Read CHAPTER XIII of Kernel Cob And Little Miss Sweetclover, free online book, by George Mitchel, on

The little Japanese girl returned, pulling her father down the road.

The little old man was waving his arms about fiercely and shouting, “Zaca sakasaka,” and before the kite had risen from the ground he had reached it, and the next moment Kernel Cob, Sweetclover, the Villain and Jackie Tar were being carried into the toy-shop.

“Did you ever see such luck in all your life?” grumbled Kernel Cob.

“I might have known it was Friday,” said Jackie Tar, for sailors are very superstitious.

“Never mind,” said the Villain, “we’ll get away another day.”

“Oh, let us hope so,” said Sweetclover, “for I don’t want to be ripped apart by that bad Japanese.”

“Well, that’s what the toy-maker will do if you don’t escape him,” said Jackie Tar, and his eyes would have bulged if they had been real ones instead of just painted.

“Why doesn’t he rip you apart?” asked Kernel Cob.

“Because I’m made of wood. I haven’t got any stuffings,” said Jackie Tar.

By this time the four had been laid upon the floor, and the Japanese dolls had started a great clatter of talk. The little girl picked up Sweetclover and was smoothing out her ruffled dress when the Toy-maker took up a pair of scissors and grabbed up Kernel Cob, before he could draw his sword.

But at that moment the Fairies must have heard Sweetclover’s prayer, for I am sure she must have uttered one when her beloved Kernel Cob was so near to being cut apart.

The door opened, and in walked a man, a woman, and a little girl. And they were Americans, too, for the first thing Sweetclover heard was the little girl saying:

“Mother dear, I do so want a dollie.”

“Dorothy wants a doll, John,” said the little girl’s mother.

“Very well,” said John, and turning to the Toy-maker said:

“You sell doll?”

“Me sell him very plenty doll,” answered the Toy-maker.

“How much for this one?” asked the man, picking up a little Japanese doll.

But the little girl had seen Kernel Cob in the Toy-maker’s hand, and clapping her hands joyfully said:

“Oh, Dad, may I have this one? I think he’s so cunning.”

“How much?” asked Dorothy’s father.

“Him cost two yen.”

“Let’s see, that’s one dollar.”

“All right,” and he took Kernel Cob, and gave the money to the Toy-maker.

Now you may be sure that Sweetclover’s heart fell, when she heard this, and thought of being separated from Kernel Cob, and I am quite sure that she prayed very hard to the Fairies; for at that moment the little Japanese girl dropped her, and this caused Dorothy to see what had fallen, and, when she saw Sweetclover, she ran and picked her up.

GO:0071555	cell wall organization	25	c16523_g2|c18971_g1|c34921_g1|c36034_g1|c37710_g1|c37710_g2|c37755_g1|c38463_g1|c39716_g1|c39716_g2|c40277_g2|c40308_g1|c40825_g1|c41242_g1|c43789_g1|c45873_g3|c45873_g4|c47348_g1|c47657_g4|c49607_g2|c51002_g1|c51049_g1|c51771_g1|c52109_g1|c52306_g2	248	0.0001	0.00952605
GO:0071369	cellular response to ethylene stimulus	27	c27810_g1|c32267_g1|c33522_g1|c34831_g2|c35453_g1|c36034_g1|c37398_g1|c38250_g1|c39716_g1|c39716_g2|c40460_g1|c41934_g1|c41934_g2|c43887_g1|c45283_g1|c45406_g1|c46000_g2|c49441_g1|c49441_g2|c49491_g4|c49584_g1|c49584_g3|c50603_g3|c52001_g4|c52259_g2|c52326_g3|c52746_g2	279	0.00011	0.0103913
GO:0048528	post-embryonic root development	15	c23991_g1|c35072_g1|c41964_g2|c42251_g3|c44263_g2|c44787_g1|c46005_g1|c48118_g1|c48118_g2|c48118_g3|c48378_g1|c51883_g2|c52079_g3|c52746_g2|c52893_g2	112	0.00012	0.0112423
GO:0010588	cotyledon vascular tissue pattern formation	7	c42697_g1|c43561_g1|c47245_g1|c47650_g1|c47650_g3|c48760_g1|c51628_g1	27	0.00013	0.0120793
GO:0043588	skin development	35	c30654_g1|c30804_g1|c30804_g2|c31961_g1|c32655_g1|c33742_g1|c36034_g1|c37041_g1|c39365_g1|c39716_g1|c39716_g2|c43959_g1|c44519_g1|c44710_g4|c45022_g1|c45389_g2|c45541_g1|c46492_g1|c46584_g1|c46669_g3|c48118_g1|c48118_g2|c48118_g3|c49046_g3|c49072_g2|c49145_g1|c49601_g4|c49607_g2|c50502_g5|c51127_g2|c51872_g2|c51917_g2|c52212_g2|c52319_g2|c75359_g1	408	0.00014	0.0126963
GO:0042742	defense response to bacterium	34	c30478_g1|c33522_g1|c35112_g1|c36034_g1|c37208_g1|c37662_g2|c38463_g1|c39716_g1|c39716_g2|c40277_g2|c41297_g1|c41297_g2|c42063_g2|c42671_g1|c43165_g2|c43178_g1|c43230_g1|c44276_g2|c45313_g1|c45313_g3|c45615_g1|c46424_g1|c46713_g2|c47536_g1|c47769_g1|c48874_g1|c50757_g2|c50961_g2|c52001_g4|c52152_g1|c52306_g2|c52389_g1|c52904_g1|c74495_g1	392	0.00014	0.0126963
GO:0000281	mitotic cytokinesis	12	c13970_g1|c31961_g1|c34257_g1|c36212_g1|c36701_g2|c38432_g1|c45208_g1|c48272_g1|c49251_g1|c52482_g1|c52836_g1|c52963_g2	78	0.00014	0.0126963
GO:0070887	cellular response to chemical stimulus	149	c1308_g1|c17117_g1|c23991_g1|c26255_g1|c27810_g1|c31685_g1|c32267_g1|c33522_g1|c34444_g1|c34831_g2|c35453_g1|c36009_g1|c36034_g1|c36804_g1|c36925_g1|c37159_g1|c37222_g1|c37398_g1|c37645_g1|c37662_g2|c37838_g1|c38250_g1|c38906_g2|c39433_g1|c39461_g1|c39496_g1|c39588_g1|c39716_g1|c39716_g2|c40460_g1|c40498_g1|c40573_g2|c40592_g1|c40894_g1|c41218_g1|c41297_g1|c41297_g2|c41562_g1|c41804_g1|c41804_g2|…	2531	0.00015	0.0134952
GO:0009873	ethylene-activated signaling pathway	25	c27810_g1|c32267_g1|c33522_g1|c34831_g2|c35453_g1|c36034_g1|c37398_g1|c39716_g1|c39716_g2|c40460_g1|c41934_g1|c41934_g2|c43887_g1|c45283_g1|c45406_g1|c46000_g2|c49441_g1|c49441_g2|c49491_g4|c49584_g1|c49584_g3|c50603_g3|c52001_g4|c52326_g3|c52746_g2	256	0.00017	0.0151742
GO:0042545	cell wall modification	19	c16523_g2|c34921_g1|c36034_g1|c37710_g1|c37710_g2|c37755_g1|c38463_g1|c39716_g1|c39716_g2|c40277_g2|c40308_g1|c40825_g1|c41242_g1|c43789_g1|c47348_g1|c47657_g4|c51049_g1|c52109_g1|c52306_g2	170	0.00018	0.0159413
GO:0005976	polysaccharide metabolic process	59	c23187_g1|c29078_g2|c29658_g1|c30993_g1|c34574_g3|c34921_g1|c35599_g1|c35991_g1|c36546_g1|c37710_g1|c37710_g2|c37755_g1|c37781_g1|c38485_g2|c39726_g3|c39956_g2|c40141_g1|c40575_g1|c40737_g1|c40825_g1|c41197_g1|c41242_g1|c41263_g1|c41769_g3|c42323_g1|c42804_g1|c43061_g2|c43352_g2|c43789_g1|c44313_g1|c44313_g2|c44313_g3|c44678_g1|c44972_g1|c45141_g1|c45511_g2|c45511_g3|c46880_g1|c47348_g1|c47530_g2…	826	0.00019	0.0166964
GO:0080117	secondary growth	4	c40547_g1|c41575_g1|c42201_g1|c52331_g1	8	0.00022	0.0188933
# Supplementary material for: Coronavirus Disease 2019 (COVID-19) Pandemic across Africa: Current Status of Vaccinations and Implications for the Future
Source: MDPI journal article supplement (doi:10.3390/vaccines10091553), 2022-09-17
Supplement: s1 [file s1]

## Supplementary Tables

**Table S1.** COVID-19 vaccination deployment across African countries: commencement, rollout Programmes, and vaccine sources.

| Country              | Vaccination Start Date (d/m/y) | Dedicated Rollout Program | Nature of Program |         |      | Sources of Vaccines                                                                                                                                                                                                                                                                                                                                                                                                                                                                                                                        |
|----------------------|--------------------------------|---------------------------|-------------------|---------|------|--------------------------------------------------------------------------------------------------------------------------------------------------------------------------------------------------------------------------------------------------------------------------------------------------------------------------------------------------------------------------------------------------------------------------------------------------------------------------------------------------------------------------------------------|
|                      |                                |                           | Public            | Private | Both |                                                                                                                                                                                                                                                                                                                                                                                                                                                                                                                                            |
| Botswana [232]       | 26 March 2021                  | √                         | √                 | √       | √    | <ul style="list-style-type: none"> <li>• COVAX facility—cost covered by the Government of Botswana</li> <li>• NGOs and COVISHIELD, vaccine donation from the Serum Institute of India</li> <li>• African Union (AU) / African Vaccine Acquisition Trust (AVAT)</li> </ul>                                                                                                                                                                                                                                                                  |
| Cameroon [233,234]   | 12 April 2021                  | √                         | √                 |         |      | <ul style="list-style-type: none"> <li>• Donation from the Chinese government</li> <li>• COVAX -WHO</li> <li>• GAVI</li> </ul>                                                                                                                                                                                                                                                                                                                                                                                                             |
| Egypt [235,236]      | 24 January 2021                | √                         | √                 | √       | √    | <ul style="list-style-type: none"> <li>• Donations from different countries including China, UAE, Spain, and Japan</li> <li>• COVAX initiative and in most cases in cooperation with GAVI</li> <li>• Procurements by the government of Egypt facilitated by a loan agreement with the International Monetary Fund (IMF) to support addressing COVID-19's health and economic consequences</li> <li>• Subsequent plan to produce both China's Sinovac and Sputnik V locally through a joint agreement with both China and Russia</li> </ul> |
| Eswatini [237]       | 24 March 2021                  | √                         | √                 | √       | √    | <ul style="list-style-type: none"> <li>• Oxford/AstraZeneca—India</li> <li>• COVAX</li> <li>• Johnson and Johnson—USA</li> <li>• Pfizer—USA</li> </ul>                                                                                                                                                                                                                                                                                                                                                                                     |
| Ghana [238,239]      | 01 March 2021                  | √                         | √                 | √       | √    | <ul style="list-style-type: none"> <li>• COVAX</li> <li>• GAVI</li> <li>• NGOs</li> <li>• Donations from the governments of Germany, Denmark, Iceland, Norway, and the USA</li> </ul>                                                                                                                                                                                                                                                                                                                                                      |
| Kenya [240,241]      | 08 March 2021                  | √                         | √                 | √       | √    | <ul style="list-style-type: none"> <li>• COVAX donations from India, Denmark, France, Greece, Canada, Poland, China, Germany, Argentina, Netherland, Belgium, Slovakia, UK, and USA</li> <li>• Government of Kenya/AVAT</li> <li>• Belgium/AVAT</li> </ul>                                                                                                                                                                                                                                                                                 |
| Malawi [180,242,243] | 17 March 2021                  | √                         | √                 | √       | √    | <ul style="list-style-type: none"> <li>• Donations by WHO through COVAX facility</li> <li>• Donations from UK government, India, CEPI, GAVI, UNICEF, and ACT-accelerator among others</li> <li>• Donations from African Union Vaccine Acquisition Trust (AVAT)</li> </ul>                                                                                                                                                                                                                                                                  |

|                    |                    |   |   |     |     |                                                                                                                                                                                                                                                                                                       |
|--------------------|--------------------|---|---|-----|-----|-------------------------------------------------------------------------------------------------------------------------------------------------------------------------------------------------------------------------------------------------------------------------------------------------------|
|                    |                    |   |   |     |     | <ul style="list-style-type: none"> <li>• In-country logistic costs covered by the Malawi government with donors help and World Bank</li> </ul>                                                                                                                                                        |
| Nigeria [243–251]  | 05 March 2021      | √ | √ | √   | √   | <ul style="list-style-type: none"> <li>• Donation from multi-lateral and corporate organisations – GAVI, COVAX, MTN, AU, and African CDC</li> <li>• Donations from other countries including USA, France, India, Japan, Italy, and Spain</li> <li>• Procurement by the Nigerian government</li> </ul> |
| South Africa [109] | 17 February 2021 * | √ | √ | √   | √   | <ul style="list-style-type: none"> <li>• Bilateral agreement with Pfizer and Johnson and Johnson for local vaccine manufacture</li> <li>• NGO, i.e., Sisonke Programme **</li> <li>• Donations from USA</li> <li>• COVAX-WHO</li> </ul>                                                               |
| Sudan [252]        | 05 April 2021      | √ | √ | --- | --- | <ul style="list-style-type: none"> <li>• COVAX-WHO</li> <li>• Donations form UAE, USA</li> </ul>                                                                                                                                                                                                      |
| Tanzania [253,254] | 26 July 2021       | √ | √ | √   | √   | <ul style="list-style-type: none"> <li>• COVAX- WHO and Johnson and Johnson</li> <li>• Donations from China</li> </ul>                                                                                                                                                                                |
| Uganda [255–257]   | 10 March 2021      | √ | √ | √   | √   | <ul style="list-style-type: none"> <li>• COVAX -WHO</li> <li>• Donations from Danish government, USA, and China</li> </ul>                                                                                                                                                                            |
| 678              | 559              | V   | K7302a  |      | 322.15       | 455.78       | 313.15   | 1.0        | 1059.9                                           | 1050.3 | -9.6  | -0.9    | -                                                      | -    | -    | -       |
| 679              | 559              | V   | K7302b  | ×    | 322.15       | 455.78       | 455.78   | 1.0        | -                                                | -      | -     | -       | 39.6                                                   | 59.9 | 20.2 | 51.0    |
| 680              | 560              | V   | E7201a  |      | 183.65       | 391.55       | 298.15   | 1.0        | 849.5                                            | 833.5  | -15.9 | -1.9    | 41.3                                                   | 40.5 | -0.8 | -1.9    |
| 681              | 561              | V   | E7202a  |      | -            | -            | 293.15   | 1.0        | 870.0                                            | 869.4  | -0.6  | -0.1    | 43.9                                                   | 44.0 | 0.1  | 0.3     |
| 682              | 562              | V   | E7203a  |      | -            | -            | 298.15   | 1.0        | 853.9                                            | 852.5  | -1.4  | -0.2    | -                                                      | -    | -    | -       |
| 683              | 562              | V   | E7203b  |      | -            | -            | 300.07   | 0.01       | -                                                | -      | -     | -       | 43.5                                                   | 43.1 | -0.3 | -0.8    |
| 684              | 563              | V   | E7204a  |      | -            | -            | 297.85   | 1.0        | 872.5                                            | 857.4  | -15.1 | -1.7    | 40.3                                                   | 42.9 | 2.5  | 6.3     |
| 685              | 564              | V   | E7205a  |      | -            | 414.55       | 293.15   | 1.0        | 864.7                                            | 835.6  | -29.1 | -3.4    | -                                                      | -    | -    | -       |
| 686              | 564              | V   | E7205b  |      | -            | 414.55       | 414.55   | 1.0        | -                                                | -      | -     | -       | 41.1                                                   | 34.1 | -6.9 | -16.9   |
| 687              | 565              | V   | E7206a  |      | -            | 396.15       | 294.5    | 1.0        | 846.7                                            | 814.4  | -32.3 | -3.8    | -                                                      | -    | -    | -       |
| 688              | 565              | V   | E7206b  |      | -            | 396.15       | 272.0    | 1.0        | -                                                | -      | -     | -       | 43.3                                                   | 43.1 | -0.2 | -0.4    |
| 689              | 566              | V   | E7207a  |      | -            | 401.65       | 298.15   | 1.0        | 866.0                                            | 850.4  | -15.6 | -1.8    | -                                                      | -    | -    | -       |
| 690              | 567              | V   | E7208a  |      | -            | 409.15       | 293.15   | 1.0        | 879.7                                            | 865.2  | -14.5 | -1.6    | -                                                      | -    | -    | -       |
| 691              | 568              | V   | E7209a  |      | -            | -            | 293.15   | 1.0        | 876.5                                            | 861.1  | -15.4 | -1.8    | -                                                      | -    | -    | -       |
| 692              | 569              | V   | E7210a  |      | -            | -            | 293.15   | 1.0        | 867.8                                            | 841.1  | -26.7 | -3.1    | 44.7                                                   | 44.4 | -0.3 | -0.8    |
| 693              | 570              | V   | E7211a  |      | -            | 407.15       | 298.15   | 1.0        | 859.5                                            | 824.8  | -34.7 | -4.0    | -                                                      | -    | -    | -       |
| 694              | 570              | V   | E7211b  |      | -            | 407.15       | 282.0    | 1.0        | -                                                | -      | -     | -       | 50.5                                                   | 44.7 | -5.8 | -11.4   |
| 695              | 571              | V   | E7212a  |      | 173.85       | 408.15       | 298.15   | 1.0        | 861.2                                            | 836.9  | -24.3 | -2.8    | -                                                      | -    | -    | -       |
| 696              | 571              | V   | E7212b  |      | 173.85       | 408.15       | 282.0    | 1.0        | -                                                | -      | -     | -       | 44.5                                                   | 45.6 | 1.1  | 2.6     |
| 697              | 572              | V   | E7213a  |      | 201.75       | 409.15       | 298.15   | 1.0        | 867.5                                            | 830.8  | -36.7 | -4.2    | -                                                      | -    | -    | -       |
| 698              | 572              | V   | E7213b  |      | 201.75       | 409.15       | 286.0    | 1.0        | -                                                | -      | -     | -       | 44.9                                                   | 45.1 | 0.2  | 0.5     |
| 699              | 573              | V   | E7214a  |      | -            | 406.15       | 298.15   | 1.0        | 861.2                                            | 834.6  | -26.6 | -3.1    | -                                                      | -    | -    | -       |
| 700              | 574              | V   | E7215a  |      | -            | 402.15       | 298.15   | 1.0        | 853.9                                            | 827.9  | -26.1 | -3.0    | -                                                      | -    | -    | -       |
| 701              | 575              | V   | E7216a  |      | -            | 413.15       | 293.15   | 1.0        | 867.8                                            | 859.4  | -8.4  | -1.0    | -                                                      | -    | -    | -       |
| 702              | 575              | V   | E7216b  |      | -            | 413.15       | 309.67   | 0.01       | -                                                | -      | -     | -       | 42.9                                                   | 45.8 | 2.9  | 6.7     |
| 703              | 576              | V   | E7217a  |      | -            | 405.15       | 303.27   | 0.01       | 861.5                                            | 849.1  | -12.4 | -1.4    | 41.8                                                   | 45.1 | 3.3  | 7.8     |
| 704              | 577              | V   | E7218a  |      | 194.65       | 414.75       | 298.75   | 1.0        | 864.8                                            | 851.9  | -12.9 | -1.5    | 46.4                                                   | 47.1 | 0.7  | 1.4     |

“Oh!” she cried with pleasure. “Isn’t she lovely. May I have her too?”

“Why, I suppose so,” said her father. “If she doesn’t cost too much.”

“Him allée same cost like soldier doll,” explained the Toy-maker.

“Very well,” said Dorothy’s father, “we’ll take him too,” and he gave the Toy-maker the money.

Sweetclover’s heart was beating high with happiness; but suddenly there came into her mind the thought of leaving the Villain; her good, thoughtful friend, who had so often consoled her in her troubles, and her heart fell again. Oh, if she could only talk to little Dorothy and beg her to take the Villain and Jackie Tar; but this she could not do so she prayed to the Fairies instead and at once her prayer was heard; for the Toy-maker, who had a very good business head on his shoulders, ran to the door as Dorothy and her parents were going out and called to them:

“Little girl want nice Pirate and Sailor feller? Allee same price like other doll.”

And Dorothy’s father, being a very kind father indeed, and just the right kind of father for every little girl to have, bought them and Dorothy went down the road with the four dolls under her arms.

And you may be sure that Sweetclover was happy, for they had not only escaped being ripped apart, but were all together, safe and sound.

And Dorothy and her parents went to their hotel in the city, and Dorothy played with her new dolls till her mother came to her and said:

“Dorothy, dear, we must pack our things for we are going to China this afternoon.”

But a great misfortune happened, for when Dorothy’s parents arrived in China they were in a great hurry to leave the dock, where the boat landed, and Dorothy, who had fallen asleep, forgot her dolls, and left them on a bench in the waiting room, and before Kernel Cob or Jackie Tar or the Villain or Sweetclover could catch up to her, she had been lifted into her mother’s arms and had disappeared in the crowd.